And you yearn for feedback--but fear it, too?
You'd like validation around what worked. And you'd like to learn what can be bettered. But who wants the blaming and esteem-eroding process of the typical post-mortem? (Let's face it: most performance reviews, of any kind, range from challenging to abusive!)
“After-Action Reviews” are a potent way to explore what happened, build esteem, and open learning. Particularly once you’ve established a DOV (Power Tool #1: Definition of Victory). They're easy too!
- What’s the intended outcome (e.g., from the Definition of Victory)?
- How does that outcome relate to what’s important—especially passion, commitments, your calling, etc.?
Then, ask three questions:
- What worked to support the intended outcome?
- With the benefit of hindsight, what could have been added or increased to get still better outcomes?
- With the benefit of hindsight, what could have been eliminated or reduced to get still better outcomes?
After-Action Reviews differ in several ways from how we typically evaluate results. First, we start by priming ourselves with positives: what we want, and why that’s something to be excited about. That reminds us that we’re up to good stuff. Whether or not we achieved exactly what we’d intended, pursuing intrinsic passions is cause for celebration in and of itself.
Second, we start with what worked, and spend as much attention looking at what worked as what didn’t. That helps keep our minds open to learning, and also to be in a creative and receptive mode. We can learn a lot from looking at what worked, especially in a group. More often than not, this scrutiny uncovers hidden strengths that we might have overlooked. Simply noticing good stuff reinforces what's already working. Who doesn't yearn for validation?!
Finally, when we look at what we'd change, it’s with the phrase “with the benefit of hindsight.” Including that phrase reminds us that it’s a learning process, and further reduces the potential for blame or self-criticism. It’s also easier to begin with “what could be added” to make things even better, because we attach less blame to something missing or incomplete than something that went awry (i.e., we’d have had a better result if we hadn’t done it).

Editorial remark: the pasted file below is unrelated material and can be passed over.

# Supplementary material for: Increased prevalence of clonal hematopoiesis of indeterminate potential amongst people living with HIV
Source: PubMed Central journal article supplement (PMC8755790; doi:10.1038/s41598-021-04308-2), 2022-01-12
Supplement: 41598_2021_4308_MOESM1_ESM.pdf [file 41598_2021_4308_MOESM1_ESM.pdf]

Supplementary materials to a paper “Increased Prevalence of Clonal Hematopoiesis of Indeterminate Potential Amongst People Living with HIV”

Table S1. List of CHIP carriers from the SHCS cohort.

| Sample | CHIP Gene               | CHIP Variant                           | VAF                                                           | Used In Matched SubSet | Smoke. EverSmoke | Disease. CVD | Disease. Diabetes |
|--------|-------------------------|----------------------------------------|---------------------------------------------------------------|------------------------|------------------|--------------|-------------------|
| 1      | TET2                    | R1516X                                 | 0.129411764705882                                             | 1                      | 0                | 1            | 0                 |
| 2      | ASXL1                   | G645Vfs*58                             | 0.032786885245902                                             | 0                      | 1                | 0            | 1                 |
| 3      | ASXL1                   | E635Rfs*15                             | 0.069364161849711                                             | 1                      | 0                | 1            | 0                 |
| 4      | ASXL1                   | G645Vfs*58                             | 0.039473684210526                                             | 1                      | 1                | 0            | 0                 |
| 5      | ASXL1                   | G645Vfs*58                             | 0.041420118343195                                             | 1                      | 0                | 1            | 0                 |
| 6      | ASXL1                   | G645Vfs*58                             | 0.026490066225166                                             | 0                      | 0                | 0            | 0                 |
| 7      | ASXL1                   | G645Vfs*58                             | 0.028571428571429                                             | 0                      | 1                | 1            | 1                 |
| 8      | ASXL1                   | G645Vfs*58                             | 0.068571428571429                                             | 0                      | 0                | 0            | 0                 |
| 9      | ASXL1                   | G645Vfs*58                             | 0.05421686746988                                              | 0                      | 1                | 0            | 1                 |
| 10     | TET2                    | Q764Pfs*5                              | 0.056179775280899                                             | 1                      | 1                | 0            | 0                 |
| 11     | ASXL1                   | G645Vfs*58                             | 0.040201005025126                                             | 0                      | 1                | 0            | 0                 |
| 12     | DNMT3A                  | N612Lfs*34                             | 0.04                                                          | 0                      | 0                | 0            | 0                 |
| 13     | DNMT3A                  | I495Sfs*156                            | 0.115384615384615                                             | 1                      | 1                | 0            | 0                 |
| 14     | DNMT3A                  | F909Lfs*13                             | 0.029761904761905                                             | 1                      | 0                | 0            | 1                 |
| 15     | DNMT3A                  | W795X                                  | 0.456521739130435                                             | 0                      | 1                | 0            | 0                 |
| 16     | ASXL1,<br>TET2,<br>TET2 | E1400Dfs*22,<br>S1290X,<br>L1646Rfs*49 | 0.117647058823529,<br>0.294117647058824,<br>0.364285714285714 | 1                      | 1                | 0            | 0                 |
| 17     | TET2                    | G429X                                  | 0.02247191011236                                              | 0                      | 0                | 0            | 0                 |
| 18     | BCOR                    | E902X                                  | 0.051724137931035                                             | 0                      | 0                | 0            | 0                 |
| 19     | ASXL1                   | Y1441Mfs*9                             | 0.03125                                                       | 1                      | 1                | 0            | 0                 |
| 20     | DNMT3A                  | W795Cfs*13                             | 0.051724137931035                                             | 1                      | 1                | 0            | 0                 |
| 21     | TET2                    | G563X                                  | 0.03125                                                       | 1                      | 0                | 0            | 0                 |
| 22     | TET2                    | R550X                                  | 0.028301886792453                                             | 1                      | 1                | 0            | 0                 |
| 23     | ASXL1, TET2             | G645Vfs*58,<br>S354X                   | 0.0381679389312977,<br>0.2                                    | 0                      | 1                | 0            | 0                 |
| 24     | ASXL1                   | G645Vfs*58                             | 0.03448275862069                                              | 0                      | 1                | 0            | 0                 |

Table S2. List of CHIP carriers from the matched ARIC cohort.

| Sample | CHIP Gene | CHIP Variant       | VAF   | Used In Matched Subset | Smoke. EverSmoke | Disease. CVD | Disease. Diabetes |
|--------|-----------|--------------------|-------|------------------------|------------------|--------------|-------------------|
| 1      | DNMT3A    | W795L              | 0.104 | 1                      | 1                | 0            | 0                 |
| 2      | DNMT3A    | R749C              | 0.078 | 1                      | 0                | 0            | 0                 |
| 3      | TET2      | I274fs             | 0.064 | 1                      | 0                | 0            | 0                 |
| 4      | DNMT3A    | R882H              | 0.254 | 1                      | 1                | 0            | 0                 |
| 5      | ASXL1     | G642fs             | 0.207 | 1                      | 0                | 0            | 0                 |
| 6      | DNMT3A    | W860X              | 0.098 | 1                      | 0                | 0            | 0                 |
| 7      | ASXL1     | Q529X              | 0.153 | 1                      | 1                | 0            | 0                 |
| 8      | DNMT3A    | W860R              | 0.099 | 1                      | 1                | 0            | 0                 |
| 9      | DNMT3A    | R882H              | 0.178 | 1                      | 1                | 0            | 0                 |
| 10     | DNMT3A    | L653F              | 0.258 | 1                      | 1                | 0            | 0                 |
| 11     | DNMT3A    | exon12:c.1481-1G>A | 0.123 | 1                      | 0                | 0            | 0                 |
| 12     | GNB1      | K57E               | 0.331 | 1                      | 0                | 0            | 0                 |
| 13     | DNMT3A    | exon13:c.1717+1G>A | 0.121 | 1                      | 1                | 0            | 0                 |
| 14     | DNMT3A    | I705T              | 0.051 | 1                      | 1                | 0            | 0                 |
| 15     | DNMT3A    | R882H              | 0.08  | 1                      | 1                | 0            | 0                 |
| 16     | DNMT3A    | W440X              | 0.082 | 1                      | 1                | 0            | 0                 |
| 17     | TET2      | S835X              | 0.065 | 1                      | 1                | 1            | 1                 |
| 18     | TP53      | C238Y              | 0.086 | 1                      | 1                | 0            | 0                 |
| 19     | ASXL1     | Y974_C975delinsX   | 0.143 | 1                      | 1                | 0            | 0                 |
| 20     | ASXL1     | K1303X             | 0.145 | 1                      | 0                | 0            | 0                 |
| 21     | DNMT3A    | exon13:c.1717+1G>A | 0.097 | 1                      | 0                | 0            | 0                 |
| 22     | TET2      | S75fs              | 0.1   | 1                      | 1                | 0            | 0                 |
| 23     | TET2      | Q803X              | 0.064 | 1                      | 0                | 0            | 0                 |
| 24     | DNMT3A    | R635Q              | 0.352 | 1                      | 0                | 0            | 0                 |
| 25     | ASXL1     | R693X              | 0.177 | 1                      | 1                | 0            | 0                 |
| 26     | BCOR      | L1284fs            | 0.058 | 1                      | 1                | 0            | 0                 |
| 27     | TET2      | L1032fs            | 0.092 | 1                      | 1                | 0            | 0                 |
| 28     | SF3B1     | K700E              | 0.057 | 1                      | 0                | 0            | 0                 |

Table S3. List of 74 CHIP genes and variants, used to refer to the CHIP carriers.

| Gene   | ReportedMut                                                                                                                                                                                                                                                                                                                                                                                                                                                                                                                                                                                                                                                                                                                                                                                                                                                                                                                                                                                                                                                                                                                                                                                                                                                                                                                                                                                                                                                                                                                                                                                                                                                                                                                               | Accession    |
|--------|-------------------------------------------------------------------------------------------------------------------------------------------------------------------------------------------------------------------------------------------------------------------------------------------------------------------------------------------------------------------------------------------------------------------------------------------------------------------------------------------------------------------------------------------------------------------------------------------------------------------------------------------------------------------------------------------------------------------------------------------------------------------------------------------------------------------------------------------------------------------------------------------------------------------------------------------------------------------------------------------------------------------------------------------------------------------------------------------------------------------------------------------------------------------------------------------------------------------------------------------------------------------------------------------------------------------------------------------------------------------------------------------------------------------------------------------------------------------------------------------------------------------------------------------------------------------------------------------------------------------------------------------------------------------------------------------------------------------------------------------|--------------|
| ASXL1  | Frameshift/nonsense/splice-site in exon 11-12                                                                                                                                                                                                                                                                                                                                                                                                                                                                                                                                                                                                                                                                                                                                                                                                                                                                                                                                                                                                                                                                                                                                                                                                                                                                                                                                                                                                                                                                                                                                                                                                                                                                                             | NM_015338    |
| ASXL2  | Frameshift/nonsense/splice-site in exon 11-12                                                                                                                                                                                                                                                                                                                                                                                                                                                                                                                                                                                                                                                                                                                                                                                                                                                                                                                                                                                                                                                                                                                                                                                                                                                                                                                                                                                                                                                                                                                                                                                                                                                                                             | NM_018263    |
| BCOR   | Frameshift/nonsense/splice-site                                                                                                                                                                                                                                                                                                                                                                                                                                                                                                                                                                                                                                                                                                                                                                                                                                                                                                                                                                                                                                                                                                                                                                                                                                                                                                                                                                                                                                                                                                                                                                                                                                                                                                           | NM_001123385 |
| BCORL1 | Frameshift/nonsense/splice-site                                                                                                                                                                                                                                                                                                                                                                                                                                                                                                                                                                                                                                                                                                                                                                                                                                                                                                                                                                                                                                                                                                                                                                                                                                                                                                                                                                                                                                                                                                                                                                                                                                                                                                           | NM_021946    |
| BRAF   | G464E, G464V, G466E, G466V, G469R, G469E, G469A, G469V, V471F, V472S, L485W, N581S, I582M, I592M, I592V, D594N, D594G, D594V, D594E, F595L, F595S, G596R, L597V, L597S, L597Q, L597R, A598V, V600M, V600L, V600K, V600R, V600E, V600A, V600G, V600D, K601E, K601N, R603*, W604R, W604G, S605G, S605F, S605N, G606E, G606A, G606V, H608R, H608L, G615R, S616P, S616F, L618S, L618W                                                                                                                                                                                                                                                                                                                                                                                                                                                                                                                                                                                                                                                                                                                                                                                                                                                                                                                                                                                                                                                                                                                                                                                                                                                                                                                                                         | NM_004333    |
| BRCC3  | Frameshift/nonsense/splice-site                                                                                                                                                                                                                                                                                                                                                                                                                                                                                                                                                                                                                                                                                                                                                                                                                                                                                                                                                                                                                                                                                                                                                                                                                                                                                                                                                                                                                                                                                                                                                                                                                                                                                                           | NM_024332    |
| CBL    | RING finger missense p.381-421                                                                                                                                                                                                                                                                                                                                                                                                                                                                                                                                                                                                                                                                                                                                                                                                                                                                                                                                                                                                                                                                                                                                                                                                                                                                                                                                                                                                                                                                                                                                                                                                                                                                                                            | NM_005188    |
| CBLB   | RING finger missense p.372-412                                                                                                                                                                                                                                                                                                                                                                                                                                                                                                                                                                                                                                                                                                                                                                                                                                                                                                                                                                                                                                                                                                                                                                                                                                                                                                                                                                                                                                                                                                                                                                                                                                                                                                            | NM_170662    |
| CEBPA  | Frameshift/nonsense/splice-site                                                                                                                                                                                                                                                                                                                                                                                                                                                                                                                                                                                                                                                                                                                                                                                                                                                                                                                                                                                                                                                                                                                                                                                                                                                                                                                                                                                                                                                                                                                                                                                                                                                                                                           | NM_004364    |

Want an example? Let’s take a networking meeting, which I was unexpectedly invited to on a holiday trip. I couldn't dress as I might have if I’d known about it...and I let that get me off balance. My Definition of Victory? Wanting to know if this was a useful group for me, and getting to know one person I might want to help…and being myself in the process.
From the After-Action Review perspective quite a lot worked: I was able to engage in the meeting and get/offer useful support. And, I had fun. Years later, I still see some of those people and relish meeting them, even though I rarely go to that networking event.
With the benefit of hindsight, what could I have added? Packing a nice pair of khakis for that trip, regardless of what I thought I was doing. What could I have reduced? Ruminating about my attire--perhaps by reflecting on my DOV even more.
Can you see how reconnecting to intentions primes you for something positive? How noticing what works deepens that validation? How the phrase "with the benefit of hindsight" makes it even easier to embrace a difference in what happened? (It enables those curious, but dispassionate, scientists in us.) And how "what might I add?"/ "what might I reduce?" makes the exploration both concrete and fun?
If you post a sample, I'll help you further explore what worked...and, with the benefit of hindsight, what you might add or reduce to make outcomes even better.